As much as I want to see the Seatac, WA, $15 minimum wage succeed, this article seems weak to me. In fact, Seatac is a very specific case of where to test a higher minimum wage.
Seatac, of course, is named after a huge airport situated there: Seattle Tacoma International Airport. If you’re flying on an airline to Seattle, you’re going to go through SeaTac. When you leave Seattle on an airline, you’ll wait for your plane at SeaTac. If you’re hungry while you’re waiting, you’re not going to leave the town of SeaTac because the burger is too expensive; SeaTac businesses have a built-in clientele. There are some off-site businesses that have to compete for business, but even there, being a hotel or restaurant near a major airport guarantees some business.
The article crows about expansion of a nearby hotel, a restaurant owner expanding, and expansion of the airport itself. That last part, the expansion of the airport, has almost nothing to do because of the minimum wage. When was the last time you chose to fly to a city because its airport workers were well-paid and happier than other airport workers? If an airport needs to expand, it’s because its region is thriving, and we’re talking about a much larger area than the town of Seatac.
If an airport is booming enough that it needs to expand, it stands to reason that enough people are coming and going to bring more business to nearby businesses. Yes, if prices in Seatac got too outrageous, a traveler stranded at SeaTac overnight (been there, done that, summer of 2000) might take a taxi to the next town to find a cheaper hotel, but, honestly, hotel rates are driven by the cost of land near the airport more than the cost of labor near the airport. If there’s a room available at a nearby hotel and it’s 11 PM and you’re stranded, you don’t haggle about price or look 10 miles farther away for something 10% cheaper; you pay the money and are grateful to have a good place to sleep that night instead of in a terminal.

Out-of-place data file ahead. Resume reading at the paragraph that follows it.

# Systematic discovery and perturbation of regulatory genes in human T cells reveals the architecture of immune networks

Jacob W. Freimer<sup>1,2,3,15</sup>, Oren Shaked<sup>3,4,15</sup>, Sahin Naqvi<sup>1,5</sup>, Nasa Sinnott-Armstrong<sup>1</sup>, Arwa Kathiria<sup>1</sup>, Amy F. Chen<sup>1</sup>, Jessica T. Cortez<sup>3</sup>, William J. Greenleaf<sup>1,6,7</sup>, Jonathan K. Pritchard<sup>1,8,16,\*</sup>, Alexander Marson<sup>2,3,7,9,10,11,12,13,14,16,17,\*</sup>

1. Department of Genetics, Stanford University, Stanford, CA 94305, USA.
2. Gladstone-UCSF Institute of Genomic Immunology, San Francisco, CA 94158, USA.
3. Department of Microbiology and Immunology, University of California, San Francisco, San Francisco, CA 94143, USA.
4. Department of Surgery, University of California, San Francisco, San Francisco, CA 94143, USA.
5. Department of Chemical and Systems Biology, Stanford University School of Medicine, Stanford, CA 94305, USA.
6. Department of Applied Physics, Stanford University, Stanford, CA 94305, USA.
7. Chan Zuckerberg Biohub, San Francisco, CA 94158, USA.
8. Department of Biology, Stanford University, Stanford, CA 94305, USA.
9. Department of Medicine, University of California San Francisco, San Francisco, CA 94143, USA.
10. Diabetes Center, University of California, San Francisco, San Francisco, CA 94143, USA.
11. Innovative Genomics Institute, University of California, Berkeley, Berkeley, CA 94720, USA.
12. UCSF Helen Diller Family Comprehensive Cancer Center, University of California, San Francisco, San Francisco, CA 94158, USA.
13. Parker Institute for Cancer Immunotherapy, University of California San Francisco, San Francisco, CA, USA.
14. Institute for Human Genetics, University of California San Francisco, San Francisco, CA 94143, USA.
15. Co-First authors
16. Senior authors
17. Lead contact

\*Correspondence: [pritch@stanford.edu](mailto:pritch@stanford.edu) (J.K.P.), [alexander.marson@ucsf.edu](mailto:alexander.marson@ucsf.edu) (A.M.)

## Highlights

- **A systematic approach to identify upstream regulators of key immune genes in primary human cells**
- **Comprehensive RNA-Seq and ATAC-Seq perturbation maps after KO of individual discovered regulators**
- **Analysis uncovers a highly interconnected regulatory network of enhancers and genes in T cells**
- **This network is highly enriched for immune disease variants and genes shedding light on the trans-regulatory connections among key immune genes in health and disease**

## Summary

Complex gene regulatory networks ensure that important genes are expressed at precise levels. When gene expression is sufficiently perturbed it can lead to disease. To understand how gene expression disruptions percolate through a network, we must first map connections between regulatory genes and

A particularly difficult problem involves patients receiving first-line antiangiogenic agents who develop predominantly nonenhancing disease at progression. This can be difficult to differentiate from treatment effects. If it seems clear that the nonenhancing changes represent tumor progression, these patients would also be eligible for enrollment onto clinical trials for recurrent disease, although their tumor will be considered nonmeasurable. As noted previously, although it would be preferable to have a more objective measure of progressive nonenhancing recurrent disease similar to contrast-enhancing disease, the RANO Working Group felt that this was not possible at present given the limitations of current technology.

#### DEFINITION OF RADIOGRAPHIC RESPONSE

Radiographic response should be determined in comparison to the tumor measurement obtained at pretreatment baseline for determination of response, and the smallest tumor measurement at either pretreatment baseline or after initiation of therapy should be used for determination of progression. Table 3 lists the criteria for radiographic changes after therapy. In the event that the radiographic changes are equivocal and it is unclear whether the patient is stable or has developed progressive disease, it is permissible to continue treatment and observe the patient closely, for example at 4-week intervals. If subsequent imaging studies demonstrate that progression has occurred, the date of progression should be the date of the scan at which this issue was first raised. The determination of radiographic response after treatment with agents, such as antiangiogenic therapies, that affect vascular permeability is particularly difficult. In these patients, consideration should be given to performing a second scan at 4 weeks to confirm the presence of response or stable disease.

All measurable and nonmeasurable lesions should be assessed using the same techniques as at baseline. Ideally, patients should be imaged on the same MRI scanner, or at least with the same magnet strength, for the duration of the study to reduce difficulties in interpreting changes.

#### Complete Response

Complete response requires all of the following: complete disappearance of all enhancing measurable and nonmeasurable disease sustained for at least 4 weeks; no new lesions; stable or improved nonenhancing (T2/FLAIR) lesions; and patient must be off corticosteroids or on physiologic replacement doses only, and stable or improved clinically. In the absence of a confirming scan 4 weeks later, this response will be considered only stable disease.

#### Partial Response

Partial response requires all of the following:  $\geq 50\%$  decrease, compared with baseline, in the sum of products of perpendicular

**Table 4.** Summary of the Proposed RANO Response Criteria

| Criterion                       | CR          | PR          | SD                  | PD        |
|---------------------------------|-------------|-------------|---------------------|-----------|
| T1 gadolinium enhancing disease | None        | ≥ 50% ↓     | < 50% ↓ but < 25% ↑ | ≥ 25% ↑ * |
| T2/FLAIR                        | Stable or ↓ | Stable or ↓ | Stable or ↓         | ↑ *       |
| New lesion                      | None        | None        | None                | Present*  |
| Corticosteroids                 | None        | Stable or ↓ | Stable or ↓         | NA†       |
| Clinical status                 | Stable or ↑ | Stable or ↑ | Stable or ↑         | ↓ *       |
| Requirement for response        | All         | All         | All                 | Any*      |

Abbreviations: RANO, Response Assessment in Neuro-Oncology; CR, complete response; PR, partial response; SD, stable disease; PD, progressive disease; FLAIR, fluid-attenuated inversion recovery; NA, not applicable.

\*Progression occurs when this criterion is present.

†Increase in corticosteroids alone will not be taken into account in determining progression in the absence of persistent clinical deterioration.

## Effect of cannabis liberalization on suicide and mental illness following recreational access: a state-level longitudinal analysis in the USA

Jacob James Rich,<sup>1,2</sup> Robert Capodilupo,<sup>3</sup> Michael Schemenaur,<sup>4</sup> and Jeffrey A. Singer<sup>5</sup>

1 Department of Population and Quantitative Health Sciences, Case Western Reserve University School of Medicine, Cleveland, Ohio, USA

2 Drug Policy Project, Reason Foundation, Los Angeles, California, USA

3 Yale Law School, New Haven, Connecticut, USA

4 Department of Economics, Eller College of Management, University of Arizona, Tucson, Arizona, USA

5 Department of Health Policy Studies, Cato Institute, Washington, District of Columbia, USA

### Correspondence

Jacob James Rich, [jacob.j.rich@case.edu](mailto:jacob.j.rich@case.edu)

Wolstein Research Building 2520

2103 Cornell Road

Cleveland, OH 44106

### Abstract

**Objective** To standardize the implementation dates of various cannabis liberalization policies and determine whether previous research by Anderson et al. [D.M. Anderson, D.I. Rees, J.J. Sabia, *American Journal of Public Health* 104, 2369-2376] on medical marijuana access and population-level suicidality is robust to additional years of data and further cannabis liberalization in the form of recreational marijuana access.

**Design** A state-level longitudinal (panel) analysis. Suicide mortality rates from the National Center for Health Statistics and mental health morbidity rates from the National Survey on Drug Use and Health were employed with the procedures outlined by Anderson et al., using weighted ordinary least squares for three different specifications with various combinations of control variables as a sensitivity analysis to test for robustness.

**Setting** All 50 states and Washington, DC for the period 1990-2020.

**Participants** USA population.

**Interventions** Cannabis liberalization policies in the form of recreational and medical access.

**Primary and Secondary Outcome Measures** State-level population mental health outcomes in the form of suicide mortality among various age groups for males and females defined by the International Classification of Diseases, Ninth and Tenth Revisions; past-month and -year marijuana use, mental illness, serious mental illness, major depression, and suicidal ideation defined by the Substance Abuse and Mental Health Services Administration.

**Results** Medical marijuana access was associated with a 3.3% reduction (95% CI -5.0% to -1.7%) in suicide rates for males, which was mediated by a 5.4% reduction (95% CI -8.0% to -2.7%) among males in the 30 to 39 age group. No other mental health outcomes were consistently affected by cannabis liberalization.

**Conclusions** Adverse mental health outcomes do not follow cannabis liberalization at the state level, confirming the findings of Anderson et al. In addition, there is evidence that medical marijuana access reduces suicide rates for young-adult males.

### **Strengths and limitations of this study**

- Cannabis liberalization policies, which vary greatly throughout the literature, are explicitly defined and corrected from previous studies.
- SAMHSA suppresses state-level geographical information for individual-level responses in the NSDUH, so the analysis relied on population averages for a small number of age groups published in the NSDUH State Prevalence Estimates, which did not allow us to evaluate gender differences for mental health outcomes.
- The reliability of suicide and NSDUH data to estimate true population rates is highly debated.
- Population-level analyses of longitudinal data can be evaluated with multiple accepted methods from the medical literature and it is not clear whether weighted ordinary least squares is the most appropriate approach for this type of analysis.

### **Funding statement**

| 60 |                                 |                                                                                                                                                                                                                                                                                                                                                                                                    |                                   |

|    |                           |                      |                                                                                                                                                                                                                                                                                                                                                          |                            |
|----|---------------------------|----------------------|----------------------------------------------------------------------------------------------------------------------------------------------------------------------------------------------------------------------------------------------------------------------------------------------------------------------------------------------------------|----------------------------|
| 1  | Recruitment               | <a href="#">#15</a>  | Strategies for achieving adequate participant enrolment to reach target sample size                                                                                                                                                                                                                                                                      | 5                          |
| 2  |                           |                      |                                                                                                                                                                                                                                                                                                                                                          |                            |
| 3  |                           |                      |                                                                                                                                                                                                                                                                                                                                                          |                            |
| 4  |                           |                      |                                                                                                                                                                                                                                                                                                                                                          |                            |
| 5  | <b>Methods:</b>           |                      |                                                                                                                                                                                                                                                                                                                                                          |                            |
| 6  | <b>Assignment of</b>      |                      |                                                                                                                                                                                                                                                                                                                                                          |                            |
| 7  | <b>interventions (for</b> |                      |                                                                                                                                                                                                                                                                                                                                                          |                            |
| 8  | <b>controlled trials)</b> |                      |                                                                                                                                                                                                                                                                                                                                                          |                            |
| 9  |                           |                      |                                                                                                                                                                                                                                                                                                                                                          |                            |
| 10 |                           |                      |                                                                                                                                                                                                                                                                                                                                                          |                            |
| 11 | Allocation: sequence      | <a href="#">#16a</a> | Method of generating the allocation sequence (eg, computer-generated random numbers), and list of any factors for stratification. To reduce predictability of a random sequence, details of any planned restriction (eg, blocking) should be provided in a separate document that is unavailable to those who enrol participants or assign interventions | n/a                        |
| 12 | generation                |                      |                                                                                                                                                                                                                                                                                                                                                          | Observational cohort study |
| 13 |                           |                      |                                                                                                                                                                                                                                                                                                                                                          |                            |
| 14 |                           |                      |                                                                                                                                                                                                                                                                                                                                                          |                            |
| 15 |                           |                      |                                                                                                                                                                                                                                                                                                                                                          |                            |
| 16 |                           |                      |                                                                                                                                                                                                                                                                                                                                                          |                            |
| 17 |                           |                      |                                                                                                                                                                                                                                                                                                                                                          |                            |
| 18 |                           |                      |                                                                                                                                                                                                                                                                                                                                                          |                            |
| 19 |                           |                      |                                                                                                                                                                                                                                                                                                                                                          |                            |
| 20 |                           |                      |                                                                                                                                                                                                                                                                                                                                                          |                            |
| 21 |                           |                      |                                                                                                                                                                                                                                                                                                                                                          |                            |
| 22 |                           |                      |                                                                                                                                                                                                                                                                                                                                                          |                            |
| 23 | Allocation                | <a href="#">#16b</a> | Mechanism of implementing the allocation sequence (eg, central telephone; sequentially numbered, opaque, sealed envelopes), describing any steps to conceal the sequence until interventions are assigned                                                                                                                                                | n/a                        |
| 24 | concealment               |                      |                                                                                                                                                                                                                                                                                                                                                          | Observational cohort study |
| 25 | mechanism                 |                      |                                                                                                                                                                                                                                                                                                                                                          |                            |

The article doesn’t even say that the expanding restaurant owner is expanding in Seatac; he may own restaurants throughout the Seattle area and be expanding in other towns, or he may be expanding because the airport is growing, not because Seatac workers are happier and more productive.
Honestly, if I turned in a paper like this in high school, I’d be graded harshly for such weak arguments.
I hope the $15 minimum wage in Seatac proves as successful in other places; I believe the premise that better paid workers are more stable and more productive. But I don’t think the Seatac experiment has wide implications for the vast majority of towns that aren’t built around a major monopoly like an international airport. It disproves the worst-case sceanrios about the elasticity and price sensitivity of some markets, but it might not help someone in, say, Madison, Wisconsin decide whether or how much to raise wages if nearby towns aren’t considering the same.